Brain Cancer

Brain cancer or tumours is an abnormal growth of cells in the brain. Malignant tumours can grow and spread aggressively to distant parts of the body as well. Tumours that do not spread or invade nearby tissue are called benign. Benign tumours are less harmful as compared to malignant ones, but a benign tumour can cause problems in the brain by pressing on a nearby tissue.

Brain tumours that originate in brain cells are called primary brain tumours. The most common primary brain tumours are gliomas, menin-giomas, pituitary adenomas, vestibular schwannomas, and primitive neuroectodermal tumors (medulloblastomas). The term glioma includes glioblastomas, astrocytomas, oligodendrogliomas, and ependymomas.

Metastatic or secondary brain tumors spread to the brain from other tumors. Symptoms of a brain tumor are usually related to its location rather than its size. Symptoms develop when the tumor destroys or compresses normal brain tissue. Either the tissues around the tumor swell or the tumor interferes with the normal flow of fluid around the brain and spinal cord.

Symptoms to Look For:

  • Headache
  • Seizures
  • Speech problems
  • Imbalance or difficulty in walking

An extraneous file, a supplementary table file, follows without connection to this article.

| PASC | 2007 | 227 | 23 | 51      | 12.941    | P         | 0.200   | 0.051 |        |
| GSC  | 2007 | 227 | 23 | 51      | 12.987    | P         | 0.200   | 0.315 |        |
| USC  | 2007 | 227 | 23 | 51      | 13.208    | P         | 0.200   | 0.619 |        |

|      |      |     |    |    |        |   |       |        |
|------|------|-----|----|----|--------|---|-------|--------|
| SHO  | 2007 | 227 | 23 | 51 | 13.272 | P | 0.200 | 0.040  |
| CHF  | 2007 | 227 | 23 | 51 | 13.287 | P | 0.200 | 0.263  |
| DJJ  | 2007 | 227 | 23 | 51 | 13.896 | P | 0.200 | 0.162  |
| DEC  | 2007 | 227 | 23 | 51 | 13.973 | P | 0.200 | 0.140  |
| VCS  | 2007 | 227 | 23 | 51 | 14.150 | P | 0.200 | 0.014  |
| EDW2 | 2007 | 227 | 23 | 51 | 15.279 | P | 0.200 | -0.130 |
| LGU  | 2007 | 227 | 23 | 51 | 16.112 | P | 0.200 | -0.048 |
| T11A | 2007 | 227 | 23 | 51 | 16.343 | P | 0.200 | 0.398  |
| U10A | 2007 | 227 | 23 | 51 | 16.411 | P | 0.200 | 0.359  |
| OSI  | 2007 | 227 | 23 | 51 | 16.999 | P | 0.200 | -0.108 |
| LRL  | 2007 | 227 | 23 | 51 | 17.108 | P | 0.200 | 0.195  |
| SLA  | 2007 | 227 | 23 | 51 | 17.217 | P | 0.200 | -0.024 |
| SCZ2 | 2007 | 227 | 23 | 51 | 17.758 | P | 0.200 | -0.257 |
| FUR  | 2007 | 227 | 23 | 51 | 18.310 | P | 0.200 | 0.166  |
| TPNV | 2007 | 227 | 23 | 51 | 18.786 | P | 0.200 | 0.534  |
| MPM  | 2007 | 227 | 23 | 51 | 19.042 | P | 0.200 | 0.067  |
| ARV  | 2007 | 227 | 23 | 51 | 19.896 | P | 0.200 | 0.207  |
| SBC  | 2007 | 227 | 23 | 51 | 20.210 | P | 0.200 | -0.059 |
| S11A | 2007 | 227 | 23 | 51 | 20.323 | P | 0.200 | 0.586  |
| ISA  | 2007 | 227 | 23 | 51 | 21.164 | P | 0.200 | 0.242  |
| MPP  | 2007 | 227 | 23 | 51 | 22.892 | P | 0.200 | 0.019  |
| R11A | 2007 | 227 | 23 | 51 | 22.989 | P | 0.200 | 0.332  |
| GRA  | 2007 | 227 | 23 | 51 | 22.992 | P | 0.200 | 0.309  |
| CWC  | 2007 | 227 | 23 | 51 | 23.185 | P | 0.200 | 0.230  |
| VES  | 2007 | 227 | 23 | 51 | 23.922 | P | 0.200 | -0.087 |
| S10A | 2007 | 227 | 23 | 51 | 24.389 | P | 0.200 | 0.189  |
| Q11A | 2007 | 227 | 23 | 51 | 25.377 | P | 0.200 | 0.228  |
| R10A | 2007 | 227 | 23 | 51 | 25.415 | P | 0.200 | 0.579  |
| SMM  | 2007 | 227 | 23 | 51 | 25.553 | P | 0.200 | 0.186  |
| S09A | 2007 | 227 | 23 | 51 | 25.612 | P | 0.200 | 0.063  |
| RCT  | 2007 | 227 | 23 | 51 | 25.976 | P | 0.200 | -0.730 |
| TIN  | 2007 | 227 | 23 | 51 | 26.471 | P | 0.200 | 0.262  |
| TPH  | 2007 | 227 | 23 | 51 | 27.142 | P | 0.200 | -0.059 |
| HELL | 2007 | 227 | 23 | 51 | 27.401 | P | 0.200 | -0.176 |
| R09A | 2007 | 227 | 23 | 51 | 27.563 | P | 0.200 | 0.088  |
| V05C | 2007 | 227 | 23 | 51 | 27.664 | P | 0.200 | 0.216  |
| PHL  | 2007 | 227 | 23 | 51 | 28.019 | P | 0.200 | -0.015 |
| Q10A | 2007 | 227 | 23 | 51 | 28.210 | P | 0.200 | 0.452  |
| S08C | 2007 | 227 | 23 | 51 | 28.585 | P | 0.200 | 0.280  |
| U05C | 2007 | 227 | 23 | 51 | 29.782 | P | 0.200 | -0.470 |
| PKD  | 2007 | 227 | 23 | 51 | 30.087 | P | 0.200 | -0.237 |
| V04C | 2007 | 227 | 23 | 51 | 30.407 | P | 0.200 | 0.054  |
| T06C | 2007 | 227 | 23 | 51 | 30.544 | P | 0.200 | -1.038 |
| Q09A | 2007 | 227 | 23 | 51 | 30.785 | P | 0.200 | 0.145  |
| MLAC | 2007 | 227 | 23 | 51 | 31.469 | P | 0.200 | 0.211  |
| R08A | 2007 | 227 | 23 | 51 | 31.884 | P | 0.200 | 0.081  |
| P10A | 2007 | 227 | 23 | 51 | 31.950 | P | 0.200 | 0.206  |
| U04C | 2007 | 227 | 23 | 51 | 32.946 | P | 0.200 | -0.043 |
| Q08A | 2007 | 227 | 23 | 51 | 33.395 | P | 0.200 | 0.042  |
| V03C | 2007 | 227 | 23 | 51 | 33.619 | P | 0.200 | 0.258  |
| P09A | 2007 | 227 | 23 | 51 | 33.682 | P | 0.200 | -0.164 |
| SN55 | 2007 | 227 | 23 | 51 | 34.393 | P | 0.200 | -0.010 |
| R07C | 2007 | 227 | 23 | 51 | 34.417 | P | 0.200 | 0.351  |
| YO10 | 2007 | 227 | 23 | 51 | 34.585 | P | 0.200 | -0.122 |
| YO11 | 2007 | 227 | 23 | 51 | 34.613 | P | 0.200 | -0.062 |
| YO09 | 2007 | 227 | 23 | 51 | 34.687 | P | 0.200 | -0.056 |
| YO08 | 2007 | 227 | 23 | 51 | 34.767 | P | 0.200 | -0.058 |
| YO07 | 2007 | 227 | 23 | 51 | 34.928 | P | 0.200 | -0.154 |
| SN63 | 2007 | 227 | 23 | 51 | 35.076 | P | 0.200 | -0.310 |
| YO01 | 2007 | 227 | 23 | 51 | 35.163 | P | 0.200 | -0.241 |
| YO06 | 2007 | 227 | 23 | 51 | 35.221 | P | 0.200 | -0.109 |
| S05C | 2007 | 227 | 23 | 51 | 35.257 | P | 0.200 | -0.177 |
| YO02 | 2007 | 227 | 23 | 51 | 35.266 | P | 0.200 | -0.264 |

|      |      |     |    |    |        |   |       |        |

• Impaired vision or a restricted visual field

Having any of these symptoms does not mean it is cancer, but if one or more of them is noticed for more than two weeks, then a doctor must be seen and an immediate health screening is a must.

Diagnosis of Brain cancer can be done by Physical examination, MRI or CT scan, Biopsy through surgery or Stereotactic brain biopsy. Treatment of brain cancer is usually complex. The most widely used treatments are surgery, radiation therapy, and chemotherapy. Many people with brain tumours undergo surgery or a stereotactic brain surgery in which the tumour is removed with the assistance of image guidance, leaving the healthy brain relatively intact. Neuro-endoscopy is another minimally-invasive surgical procedure where the tumour is removed through small holes in the skull, mouth or nose, enabling neurosurgeons to access areas of the brain that cannot be reached with traditional surgery.

Radiation therapy and chemotherapy are other modalities of treatment. A state-of-the-art centre for treatment of brain tumours has specialized neuro-oncologists, neurosurgeons and advanced radiation technology for coordinated treatment and support focused on helping the patient to conquer the disease and to maintain quality of life.

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